The storyline is centered around heterosexual romantic relationships. The only relationships that are made evident in the storyline are heterosexual.
The conflict hinges on the assumption of the male characters that girlfriends can be “stolen” with little voice or agency of their own; this assumption remains unchallenged through the end of the book, as we see in the end of the book that Jorge is dating a girl that a classmate feels was “stolen” from him. This portrayal perpetuates the objectification of women because the female characters don’t have agency or voice in the situation and are treated as something that could be owned or stolen by the male characters.
The one non-North American character, Jorge, is from Argentina and is depicted as a threat by being a serial “girlfriend-stealer.” The North American characters discuss Jorge: “¡Ese Jorge es una serpiente! ¡Es un robanovias!” (This Jorge is a snake. He is a girlfriend-stealer.) (p. 10); “Jorge ayuda a las chicas y después ellas se convierten en sus novias… Él es tutor porque quiere «ayudar» a las chicas. Y a todas las chicas les gusta su acento argentino” (Jorge helps girls and afterwards they become his girlfriend… He is a tutor because he wants to “help” girls. And all the girls love his Argentinian accent) (p. 10). Even in the closing paragraph of the story, there is an inference that the protagonist, Adán, still sees Jorge as a threat to his relationship with his girlfriend.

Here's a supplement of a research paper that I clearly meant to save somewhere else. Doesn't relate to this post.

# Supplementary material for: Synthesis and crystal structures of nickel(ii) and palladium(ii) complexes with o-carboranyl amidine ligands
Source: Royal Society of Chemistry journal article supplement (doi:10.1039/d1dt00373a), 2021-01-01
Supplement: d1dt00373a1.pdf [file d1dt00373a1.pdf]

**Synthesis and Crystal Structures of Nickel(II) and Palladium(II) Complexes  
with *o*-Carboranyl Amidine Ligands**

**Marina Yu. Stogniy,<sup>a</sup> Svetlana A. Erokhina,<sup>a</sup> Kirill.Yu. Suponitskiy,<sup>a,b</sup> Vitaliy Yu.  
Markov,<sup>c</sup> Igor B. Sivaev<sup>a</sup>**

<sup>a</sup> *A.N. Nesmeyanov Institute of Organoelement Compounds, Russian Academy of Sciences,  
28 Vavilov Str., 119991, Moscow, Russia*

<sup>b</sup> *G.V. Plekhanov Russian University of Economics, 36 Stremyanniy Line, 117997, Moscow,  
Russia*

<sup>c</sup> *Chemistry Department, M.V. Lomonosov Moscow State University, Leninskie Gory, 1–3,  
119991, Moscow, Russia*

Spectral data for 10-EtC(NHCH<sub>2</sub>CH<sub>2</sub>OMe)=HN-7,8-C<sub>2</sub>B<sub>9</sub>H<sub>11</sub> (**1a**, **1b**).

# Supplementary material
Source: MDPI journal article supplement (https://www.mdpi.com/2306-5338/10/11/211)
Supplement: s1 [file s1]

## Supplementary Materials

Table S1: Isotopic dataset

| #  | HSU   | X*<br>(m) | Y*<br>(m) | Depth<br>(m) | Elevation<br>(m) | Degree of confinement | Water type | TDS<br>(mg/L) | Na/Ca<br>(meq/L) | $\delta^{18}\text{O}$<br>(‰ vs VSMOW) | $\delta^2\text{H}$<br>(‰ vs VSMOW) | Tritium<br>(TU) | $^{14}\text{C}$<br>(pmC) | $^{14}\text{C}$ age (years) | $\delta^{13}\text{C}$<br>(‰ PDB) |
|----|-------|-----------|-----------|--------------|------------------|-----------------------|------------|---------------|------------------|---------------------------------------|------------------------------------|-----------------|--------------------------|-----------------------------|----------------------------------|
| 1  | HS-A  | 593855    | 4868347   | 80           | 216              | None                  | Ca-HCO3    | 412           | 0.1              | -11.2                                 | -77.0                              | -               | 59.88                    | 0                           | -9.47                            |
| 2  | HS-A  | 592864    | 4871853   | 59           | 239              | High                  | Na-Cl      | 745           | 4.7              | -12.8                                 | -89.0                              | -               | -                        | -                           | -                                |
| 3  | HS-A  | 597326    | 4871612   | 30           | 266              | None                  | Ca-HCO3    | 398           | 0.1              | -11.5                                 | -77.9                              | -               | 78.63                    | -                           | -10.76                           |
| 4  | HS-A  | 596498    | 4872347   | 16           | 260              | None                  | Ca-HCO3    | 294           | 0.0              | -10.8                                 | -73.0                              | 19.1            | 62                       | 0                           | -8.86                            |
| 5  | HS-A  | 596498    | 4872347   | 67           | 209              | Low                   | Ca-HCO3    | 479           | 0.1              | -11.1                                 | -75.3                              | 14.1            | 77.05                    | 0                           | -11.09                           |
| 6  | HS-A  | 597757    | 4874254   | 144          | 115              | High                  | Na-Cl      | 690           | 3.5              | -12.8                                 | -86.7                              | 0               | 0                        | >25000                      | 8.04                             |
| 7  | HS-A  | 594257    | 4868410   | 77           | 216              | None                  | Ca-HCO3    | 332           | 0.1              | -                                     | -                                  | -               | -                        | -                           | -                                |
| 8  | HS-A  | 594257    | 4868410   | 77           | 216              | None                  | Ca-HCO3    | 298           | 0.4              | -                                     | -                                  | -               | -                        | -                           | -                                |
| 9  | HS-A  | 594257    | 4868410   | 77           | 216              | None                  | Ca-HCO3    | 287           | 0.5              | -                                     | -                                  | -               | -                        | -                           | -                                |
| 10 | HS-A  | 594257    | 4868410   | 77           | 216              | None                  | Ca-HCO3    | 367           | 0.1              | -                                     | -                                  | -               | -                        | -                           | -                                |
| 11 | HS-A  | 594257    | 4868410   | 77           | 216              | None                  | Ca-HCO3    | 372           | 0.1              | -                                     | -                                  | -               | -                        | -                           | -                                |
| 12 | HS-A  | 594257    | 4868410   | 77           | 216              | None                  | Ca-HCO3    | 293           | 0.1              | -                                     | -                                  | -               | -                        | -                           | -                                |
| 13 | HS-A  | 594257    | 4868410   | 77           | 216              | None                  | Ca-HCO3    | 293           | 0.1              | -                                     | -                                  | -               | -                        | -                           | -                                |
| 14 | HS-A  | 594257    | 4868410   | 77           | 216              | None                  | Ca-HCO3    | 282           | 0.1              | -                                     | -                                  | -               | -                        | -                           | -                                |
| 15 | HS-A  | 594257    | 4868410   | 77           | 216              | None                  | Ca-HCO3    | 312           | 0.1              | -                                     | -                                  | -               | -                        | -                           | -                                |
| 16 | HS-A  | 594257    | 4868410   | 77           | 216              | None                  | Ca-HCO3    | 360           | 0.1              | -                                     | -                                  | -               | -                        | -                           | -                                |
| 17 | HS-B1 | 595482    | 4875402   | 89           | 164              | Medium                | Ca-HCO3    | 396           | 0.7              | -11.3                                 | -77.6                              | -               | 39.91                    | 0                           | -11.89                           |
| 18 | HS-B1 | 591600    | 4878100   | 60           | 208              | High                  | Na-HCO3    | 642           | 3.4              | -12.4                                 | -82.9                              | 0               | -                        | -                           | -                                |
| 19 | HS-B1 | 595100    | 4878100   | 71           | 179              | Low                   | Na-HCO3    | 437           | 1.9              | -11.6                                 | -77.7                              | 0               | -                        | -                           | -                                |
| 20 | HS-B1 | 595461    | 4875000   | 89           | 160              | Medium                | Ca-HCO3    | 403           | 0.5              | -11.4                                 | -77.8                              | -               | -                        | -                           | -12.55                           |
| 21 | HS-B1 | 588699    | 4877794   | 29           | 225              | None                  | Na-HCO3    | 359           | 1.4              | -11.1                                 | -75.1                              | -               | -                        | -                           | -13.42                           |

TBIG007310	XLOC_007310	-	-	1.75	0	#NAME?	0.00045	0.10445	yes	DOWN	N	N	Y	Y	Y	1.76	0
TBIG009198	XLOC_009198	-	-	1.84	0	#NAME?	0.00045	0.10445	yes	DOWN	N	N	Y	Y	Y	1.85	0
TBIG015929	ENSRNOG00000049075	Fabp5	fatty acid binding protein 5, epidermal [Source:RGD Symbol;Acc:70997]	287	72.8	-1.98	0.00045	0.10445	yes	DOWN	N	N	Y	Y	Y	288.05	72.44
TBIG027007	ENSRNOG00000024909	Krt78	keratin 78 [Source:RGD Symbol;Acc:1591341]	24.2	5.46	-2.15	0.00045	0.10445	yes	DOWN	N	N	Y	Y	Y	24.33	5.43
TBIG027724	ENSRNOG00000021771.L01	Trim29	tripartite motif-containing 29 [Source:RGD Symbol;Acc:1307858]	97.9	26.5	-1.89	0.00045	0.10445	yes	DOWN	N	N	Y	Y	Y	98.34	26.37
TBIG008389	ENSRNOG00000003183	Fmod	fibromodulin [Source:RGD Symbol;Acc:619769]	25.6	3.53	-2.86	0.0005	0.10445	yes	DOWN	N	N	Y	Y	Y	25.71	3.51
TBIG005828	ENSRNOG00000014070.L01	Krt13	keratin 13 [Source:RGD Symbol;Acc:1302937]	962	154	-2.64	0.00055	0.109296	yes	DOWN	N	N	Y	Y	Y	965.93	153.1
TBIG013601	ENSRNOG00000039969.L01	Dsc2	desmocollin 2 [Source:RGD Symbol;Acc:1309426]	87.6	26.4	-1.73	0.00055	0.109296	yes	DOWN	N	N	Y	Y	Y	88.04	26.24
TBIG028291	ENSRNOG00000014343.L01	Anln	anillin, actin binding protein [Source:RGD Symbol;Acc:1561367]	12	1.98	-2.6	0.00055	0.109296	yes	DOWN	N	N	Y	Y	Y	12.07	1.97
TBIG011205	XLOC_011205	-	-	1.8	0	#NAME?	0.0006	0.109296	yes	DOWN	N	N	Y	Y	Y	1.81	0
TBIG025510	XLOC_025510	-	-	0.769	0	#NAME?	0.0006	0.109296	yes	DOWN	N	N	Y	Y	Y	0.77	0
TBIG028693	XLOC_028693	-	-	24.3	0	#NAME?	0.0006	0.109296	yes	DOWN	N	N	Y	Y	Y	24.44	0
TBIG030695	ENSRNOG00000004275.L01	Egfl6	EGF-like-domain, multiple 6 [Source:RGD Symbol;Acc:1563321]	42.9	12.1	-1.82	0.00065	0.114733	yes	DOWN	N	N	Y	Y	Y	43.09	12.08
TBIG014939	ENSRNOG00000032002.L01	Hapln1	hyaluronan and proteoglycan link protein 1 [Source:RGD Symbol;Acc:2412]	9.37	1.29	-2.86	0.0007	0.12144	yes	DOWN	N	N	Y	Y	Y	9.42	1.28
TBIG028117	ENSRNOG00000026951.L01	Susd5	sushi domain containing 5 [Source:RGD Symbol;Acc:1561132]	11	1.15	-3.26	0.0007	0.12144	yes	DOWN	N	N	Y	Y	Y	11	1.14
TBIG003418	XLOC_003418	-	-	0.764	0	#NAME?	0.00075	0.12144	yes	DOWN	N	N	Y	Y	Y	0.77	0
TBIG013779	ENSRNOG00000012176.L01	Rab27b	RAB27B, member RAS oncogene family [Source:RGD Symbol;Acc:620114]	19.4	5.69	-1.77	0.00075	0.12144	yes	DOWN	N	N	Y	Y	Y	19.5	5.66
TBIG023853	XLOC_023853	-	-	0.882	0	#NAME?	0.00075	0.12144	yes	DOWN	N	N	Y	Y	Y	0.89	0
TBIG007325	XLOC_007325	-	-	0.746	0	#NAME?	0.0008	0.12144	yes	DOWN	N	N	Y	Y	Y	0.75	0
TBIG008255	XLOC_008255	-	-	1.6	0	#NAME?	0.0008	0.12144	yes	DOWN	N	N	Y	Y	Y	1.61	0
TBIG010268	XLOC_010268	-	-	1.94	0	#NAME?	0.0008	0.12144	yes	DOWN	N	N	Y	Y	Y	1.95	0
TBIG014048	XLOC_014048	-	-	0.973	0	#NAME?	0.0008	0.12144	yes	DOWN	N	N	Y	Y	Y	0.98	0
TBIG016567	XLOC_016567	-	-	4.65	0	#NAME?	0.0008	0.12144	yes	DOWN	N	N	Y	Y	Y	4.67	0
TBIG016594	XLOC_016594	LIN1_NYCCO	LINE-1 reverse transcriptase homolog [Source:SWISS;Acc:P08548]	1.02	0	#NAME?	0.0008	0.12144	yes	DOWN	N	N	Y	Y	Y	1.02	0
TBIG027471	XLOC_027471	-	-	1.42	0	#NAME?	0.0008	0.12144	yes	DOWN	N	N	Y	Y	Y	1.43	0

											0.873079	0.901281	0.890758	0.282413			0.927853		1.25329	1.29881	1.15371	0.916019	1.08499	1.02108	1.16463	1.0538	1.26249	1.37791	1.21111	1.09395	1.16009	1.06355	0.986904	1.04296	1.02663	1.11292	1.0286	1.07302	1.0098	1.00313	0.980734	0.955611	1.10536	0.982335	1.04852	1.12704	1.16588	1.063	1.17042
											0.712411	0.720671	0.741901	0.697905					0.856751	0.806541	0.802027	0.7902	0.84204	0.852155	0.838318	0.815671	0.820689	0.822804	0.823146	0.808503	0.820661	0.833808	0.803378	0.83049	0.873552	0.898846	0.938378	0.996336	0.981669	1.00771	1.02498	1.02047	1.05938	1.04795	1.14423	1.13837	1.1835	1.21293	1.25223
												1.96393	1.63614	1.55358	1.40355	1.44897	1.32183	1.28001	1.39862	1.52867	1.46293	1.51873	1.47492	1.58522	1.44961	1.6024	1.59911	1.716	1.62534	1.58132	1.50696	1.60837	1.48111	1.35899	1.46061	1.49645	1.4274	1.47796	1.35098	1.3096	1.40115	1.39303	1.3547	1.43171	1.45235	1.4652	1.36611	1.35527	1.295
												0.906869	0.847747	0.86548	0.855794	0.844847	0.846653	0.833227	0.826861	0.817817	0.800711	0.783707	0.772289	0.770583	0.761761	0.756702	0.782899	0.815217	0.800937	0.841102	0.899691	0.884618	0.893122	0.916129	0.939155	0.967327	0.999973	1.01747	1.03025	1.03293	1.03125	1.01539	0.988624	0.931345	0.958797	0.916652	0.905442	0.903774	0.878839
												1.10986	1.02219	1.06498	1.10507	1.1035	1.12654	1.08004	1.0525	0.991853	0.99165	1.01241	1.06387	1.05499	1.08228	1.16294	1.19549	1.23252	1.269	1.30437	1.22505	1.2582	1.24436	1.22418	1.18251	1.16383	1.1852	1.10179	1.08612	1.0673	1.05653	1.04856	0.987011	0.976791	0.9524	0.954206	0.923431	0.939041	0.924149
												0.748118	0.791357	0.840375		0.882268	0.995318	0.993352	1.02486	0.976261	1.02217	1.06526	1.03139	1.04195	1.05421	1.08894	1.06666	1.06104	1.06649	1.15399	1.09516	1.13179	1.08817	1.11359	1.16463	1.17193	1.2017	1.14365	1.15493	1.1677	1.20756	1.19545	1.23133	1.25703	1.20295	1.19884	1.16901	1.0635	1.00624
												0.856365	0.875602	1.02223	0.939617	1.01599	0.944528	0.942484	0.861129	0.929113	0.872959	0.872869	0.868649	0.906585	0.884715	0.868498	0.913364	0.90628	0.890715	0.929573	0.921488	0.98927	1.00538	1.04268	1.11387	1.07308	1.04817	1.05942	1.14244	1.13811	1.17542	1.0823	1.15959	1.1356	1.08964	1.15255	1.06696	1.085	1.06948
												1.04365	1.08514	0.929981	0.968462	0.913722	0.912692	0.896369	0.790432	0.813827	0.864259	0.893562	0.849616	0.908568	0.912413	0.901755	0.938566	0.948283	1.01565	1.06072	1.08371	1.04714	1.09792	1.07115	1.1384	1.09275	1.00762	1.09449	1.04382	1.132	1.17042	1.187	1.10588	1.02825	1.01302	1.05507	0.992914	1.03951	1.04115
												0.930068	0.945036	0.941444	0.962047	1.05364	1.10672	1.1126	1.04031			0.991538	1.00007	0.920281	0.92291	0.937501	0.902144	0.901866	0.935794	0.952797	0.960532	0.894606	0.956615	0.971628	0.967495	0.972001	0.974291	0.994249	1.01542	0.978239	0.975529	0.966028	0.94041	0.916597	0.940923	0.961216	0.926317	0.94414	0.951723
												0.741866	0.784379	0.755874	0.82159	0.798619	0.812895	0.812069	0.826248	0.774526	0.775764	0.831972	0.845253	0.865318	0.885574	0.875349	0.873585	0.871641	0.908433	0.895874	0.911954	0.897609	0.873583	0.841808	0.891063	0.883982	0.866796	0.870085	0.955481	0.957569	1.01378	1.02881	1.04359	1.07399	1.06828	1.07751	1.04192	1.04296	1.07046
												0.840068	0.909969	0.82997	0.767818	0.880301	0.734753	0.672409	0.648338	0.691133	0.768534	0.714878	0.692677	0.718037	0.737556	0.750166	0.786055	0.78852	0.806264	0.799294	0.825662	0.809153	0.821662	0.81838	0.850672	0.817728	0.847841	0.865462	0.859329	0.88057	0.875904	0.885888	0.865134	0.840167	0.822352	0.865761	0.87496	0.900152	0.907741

Although the book indicates that classmates respond to Jorge’s Argentine accent–sometimes with admiration and sometimes with teasing–the book rarely depicts Jorge speaking in the “vos” format which is omnipresent among Argentines, but instead usually shows him speaking in the “tú” format. This aspect seems inauthentic in its representation of Argentine speech. The book does not offer any explanation to readers about Argentine geolects or the author’s choice of “tú” for Jorge’s speech.